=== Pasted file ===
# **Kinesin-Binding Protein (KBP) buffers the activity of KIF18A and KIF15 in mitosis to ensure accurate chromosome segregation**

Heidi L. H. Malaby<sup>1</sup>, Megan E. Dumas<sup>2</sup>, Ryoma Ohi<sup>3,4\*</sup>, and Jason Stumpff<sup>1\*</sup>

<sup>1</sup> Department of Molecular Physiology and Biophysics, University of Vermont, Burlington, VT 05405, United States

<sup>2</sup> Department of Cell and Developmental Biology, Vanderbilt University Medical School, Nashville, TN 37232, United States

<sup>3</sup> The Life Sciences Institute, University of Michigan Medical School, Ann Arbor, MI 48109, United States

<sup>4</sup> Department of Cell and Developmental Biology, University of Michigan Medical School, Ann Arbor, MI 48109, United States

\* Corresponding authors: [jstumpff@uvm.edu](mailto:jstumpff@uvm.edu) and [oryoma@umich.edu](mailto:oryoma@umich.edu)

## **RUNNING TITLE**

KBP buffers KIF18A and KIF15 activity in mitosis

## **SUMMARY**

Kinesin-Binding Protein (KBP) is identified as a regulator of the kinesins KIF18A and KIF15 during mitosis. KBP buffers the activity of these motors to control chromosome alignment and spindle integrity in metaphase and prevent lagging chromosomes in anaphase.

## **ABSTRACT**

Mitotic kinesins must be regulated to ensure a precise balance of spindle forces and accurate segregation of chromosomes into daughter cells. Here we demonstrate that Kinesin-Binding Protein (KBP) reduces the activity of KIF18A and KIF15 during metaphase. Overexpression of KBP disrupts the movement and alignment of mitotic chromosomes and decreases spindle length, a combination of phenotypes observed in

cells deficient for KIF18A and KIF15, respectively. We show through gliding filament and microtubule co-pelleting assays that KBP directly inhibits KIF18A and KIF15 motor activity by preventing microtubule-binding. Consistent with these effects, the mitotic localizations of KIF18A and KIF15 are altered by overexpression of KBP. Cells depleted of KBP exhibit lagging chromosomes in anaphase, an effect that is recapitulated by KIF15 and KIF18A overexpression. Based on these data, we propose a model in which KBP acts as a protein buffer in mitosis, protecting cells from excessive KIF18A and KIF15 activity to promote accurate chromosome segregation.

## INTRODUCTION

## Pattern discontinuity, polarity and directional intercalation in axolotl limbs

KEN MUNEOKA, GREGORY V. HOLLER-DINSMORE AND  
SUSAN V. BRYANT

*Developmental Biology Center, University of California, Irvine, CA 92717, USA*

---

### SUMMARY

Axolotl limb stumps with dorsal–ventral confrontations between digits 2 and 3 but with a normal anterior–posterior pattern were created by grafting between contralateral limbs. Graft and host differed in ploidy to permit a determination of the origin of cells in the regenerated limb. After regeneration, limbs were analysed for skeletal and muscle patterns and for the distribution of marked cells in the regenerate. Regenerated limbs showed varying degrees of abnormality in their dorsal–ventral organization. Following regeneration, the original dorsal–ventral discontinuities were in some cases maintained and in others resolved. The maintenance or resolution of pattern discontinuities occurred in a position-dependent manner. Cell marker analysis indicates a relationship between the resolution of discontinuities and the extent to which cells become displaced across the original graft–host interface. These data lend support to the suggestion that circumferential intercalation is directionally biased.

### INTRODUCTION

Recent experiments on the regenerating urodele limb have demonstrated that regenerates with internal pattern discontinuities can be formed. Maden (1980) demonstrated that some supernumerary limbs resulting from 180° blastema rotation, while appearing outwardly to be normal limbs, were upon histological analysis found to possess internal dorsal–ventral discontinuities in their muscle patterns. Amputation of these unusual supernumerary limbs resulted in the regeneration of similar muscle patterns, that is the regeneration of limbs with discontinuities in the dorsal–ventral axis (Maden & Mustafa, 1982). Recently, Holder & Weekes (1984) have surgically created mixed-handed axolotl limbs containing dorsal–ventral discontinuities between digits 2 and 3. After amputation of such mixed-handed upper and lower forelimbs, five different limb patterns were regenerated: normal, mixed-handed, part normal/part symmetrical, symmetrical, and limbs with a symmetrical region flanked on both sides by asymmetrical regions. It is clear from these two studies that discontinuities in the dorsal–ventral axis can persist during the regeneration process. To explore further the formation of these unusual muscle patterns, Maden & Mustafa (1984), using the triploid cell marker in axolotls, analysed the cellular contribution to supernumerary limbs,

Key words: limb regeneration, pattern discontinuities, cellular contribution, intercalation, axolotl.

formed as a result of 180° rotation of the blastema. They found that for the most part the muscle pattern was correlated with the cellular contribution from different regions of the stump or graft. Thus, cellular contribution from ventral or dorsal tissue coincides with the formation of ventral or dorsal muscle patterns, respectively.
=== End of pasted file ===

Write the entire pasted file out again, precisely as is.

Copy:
# **Kinesin-Binding Protein (KBP) buffers the activity of KIF18A and KIF15 in mitosis to ensure accurate chromosome segregation**

Heidi L. H. Malaby<sup>1</sup>, Megan E. Dumas<sup>2</sup>, Ryoma Ohi<sup>3,4\*</sup>, and Jason Stumpff<sup>1\*</sup>

<sup>1</sup> Department of Molecular Physiology and Biophysics, University of Vermont, Burlington, VT 05405, United States

<sup>2</sup> Department of Cell and Developmental Biology, Vanderbilt University Medical School, Nashville, TN 37232, United States

<sup>3</sup> The Life Sciences Institute, University of Michigan Medical School, Ann Arbor, MI 48109, United States

<sup>4</sup> Department of Cell and Developmental Biology, University of Michigan Medical School, Ann Arbor, MI 48109, United States

\* Corresponding authors: [jstumpff@uvm.edu](mailto:jstumpff@uvm.edu) and [oryoma@umich.edu](mailto:oryoma@umich.edu)

## **RUNNING TITLE**

KBP buffers KIF18A and KIF15 activity in mitosis

## **SUMMARY**

Kinesin-Binding Protein (KBP) is identified as a regulator of the kinesins KIF18A and KIF15 during mitosis. KBP buffers the activity of these motors to control chromosome alignment and spindle integrity in metaphase and prevent lagging chromosomes in anaphase.

## **ABSTRACT**

Mitotic kinesins must be regulated to ensure a precise balance of spindle forces and accurate segregation of chromosomes into daughter cells. Here we demonstrate that Kinesin-Binding Protein (KBP) reduces the activity of KIF18A and KIF15 during metaphase. Overexpression of KBP disrupts the movement and alignment of mitotic chromosomes and decreases spindle length, a combination of phenotypes observed in

cells deficient for KIF18A and KIF15, respectively. We show through gliding filament and microtubule co-pelleting assays that KBP directly inhibits KIF18A and KIF15 motor activity by preventing microtubule-binding. Consistent with these effects, the mitotic localizations of KIF18A and KIF15 are altered by overexpression of KBP. Cells depleted of KBP exhibit lagging chromosomes in anaphase, an effect that is recapitulated by KIF15 and KIF18A overexpression. Based on these data, we propose a model in which KBP acts as a protein buffer in mitosis, protecting cells from excessive KIF18A and KIF15 activity to promote accurate chromosome segregation.

## INTRODUCTION

## Pattern discontinuity, polarity and directional intercalation in axolotl limbs

KEN MUNEOKA, GREGORY V. HOLLER-DINSMORE AND  
SUSAN V. BRYANT

*Developmental Biology Center, University of California, Irvine, CA 92717, USA*

---

### SUMMARY

Axolotl limb stumps with dorsal–ventral confrontations between digits 2 and 3 but with a normal anterior–posterior pattern were created by grafting between contralateral limbs. Graft and host differed in ploidy to permit a determination of the origin of cells in the regenerated limb. After regeneration, limbs were analysed for skeletal and muscle patterns and for the distribution of marked cells in the regenerate. Regenerated limbs showed varying degrees of abnormality in their dorsal–ventral organization. Following regeneration, the original dorsal–ventral discontinuities were in some cases maintained and in others resolved. The maintenance or resolution of pattern discontinuities occurred in a position-dependent manner. Cell marker analysis indicates a relationship between the resolution of discontinuities and the extent to which cells become displaced across the original graft–host interface. These data lend support to the suggestion that circumferential intercalation is directionally biased.

### INTRODUCTION

Recent experiments on the regenerating urodele limb have demonstrated that regenerates with internal pattern discontinuities can be formed. Maden (1980) demonstrated that some supernumerary limbs resulting from 180° blastema rotation, while appearing outwardly to be normal limbs, were upon histological analysis found to possess internal dorsal–ventral discontinuities in their muscle patterns. Amputation of these unusual supernumerary limbs resulted in the regeneration of similar muscle patterns, that is the regeneration of limbs with discontinuities in the dorsal–ventral axis (Maden & Mustafa, 1982). Recently, Holder & Weekes (1984) have surgically created mixed-handed axolotl limbs containing dorsal–ventral discontinuities between digits 2 and 3. After amputation of such mixed-handed upper and lower forelimbs, five different limb patterns were regenerated: normal, mixed-handed, part normal/part symmetrical, symmetrical, and limbs with a symmetrical region flanked on both sides by asymmetrical regions. It is clear from these two studies that discontinuities in the dorsal–ventral axis can persist during the regeneration process. To explore further the formation of these unusual muscle patterns, Maden & Mustafa (1984), using the triploid cell marker in axolotls, analysed the cellular contribution to supernumerary limbs,

Key words: limb regeneration, pattern discontinuities, cellular contribution, intercalation, axolotl.

formed as a result of 180° rotation of the blastema. They found that for the most part the muscle pattern was correlated with the cellular contribution from different regions of the stump or graft. Thus, cellular contribution from ventral or dorsal tissue coincides with the formation of ventral or dorsal muscle patterns, respectively.